The implementation begins with Apple's default "Navigation-based Application" template.
I then changed the
RootViewController to be a subclass of the
GenericTableViewController implementation that I presented in my previous Heterogeneous cells in a UITableViewController post. In that post, this class was presented to aid handling of different cell types in one table. I use it again here with only one cell type because in this case, the
CellController provides a convenient object in which to store the "selected" state for each row and allows me to keep each file smaller and narrower in focus because it keeps "row" behavior out of the table controller.
The first addition I made was that of the toolbar. This is initially hidden but needs to animate onto the screen when the edit mode is entered.
The toolbar is constructed in the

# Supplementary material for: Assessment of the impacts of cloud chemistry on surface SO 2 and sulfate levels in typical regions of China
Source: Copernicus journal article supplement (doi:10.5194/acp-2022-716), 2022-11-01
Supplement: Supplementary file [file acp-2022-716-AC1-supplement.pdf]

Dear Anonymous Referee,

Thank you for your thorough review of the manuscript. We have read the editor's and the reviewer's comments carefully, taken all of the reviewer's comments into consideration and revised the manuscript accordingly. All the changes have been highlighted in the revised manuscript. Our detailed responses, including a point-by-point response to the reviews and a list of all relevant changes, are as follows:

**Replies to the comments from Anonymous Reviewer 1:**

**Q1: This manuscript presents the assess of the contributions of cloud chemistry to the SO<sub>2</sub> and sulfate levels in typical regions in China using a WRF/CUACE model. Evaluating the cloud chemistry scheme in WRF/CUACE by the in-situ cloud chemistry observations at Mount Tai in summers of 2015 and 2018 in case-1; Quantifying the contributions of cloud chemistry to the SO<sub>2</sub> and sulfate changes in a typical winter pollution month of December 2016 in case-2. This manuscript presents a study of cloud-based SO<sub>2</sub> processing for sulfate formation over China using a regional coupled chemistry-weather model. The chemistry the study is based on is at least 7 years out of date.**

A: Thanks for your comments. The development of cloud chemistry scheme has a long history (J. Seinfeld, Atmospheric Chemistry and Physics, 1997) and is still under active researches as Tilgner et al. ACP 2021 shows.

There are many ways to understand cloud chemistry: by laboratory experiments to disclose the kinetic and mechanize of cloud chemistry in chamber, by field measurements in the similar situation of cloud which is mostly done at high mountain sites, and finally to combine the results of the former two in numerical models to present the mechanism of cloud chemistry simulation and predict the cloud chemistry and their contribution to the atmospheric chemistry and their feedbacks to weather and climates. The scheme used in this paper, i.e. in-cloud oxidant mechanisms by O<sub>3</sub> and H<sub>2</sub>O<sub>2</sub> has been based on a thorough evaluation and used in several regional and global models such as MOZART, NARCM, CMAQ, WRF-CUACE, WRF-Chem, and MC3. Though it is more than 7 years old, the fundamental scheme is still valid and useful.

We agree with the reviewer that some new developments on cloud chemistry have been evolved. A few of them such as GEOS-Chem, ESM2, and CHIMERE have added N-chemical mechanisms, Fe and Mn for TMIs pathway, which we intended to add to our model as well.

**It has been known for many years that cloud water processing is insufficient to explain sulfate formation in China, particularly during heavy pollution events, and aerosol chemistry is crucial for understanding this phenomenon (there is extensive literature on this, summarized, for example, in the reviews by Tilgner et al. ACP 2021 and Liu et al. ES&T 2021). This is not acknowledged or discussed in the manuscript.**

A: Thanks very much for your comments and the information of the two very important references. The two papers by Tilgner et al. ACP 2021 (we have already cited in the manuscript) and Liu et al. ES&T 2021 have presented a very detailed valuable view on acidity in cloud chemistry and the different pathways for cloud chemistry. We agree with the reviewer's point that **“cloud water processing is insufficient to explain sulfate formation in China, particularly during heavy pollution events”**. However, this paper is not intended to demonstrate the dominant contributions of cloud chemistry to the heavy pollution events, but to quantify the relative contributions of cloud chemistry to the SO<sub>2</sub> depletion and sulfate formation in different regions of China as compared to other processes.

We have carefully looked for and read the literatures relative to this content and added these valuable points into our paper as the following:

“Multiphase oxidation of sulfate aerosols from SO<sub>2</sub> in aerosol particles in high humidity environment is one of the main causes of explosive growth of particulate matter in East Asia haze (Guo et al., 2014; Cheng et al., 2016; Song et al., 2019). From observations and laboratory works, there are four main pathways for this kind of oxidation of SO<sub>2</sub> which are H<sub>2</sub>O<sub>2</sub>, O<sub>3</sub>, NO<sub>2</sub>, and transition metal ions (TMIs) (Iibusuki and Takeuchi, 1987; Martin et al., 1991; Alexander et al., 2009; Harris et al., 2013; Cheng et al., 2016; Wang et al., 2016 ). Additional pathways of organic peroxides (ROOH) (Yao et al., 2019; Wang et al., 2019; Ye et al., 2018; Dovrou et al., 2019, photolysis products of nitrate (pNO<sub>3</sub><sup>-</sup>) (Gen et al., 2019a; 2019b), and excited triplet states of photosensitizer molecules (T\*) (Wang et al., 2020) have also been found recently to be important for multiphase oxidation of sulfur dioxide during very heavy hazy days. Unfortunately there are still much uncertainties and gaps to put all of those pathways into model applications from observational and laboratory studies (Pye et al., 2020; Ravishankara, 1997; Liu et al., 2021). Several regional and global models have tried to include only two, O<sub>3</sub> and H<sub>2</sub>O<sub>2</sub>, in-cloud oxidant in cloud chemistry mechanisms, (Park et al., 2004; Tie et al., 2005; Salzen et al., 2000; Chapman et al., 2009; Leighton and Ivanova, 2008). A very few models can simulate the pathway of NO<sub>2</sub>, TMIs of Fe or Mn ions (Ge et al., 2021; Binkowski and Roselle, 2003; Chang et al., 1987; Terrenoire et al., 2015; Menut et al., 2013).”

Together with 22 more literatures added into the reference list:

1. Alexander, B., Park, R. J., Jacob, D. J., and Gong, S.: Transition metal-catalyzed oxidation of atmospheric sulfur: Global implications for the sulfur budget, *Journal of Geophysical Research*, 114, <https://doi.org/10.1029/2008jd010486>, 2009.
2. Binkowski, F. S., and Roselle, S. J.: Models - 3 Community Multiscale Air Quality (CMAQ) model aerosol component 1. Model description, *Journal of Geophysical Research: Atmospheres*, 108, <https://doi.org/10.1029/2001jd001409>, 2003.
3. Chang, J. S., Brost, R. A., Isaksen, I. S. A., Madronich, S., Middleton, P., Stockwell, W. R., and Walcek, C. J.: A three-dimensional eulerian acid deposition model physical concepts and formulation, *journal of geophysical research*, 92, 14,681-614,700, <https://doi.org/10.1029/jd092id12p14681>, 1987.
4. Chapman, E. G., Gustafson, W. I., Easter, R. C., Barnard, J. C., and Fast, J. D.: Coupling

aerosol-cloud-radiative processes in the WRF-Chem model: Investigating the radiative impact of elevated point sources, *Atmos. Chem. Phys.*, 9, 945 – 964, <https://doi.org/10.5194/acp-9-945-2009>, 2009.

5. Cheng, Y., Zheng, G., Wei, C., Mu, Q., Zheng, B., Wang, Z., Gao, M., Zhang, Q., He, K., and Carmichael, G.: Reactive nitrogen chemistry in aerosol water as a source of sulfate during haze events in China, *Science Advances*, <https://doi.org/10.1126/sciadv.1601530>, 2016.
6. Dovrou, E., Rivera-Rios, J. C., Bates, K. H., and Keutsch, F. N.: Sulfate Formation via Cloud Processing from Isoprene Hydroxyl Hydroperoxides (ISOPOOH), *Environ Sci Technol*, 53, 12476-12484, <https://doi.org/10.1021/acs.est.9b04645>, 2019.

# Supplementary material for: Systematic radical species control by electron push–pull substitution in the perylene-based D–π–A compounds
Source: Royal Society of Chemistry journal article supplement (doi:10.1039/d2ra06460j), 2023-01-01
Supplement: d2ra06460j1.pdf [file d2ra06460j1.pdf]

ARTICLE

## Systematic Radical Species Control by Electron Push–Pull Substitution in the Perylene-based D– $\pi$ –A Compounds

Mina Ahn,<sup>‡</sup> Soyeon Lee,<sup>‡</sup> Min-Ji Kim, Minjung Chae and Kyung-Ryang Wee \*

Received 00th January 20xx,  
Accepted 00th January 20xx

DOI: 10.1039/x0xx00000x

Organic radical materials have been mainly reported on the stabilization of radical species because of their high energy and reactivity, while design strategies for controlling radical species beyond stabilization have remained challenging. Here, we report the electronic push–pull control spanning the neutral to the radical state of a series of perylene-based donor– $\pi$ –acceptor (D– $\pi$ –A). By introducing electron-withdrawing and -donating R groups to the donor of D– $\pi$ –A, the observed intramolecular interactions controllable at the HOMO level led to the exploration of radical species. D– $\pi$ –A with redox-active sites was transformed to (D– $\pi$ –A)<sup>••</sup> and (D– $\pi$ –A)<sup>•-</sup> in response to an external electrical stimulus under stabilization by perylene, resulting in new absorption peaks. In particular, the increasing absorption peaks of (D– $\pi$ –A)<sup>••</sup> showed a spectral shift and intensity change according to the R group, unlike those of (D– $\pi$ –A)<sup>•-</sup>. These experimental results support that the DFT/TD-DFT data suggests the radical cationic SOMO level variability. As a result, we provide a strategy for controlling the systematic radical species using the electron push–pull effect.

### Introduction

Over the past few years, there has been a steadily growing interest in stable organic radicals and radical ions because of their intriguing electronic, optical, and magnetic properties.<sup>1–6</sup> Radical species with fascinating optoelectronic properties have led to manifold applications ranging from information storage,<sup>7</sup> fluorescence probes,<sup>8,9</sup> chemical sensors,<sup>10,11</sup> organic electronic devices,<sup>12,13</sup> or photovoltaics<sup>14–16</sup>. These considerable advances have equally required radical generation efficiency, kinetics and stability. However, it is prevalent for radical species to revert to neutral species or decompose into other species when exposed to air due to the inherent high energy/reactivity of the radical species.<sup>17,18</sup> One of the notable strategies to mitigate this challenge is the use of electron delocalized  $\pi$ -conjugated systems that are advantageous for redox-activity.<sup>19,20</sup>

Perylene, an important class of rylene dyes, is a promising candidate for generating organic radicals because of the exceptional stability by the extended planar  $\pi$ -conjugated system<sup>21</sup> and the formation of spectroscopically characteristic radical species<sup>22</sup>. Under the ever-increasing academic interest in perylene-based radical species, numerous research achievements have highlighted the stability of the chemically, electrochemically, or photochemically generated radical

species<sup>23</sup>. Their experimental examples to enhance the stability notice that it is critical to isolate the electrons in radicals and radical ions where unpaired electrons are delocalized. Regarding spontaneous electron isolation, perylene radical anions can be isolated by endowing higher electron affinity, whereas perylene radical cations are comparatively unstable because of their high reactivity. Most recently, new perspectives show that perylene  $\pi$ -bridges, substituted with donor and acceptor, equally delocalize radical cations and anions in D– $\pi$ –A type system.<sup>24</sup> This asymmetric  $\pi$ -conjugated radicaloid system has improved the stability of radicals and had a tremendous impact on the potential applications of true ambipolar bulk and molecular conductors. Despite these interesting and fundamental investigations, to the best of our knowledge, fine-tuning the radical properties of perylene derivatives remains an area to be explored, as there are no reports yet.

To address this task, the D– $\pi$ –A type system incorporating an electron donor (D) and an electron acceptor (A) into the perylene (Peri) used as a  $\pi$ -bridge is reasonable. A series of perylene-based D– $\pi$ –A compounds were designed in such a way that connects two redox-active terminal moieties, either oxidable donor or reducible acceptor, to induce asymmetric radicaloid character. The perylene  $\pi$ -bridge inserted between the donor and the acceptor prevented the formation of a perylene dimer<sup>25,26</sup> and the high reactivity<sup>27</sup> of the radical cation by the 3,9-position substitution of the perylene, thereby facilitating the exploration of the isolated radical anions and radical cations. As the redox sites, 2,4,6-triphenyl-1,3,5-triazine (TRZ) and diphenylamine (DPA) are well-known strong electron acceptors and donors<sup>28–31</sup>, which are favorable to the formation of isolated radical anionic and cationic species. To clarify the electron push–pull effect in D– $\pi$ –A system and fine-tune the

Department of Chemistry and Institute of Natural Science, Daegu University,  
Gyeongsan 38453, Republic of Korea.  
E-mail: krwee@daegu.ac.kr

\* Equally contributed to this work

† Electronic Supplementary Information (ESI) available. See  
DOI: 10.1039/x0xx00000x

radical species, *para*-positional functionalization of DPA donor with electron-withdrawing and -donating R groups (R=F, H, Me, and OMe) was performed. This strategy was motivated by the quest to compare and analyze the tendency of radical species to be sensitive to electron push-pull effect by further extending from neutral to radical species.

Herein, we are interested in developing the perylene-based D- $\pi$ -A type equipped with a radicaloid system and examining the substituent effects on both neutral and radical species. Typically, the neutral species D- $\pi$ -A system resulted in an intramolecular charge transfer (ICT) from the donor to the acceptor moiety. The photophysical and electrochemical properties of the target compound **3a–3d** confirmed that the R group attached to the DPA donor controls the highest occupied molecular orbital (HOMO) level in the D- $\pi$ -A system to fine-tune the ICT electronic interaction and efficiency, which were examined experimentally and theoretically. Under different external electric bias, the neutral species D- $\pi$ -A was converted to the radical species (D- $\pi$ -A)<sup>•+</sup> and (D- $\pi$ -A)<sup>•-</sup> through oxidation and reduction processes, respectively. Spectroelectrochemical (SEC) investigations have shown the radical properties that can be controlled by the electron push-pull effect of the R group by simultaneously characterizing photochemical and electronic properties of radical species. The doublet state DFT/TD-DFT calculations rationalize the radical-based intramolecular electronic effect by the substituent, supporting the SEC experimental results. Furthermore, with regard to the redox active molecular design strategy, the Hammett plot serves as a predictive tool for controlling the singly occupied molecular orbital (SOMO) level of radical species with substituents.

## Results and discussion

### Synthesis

but cannot be easily added to the view hierarchy at this time. Instead, we wait until the
viewDidAppear: method is invoked and add it as a child of the table's parent (the
UINavigationController's content frame):
The initial location of the toolbar is below the bottom of the screen, so when editing begins, we need to move it up onto the screen. When editing ends, it is moved back again. This frame animation occurs in the
Standard edit modes for
UITableViews are started by calling
setEditing:animated: on the
UITableView. We are not going to use any of the standard
UITableViewCellEditingStyles, so invoking this method is not strictly required but it will propagate a notification to the
UITableViewCells and allow us to query the state at a later time so we will use it anyway.
cancel: methods switch us into and out of "Edit" mode respectively.
Here you can see the "Edit"/"Cancel" buttons being swapped, the toolbar being shown/hidden and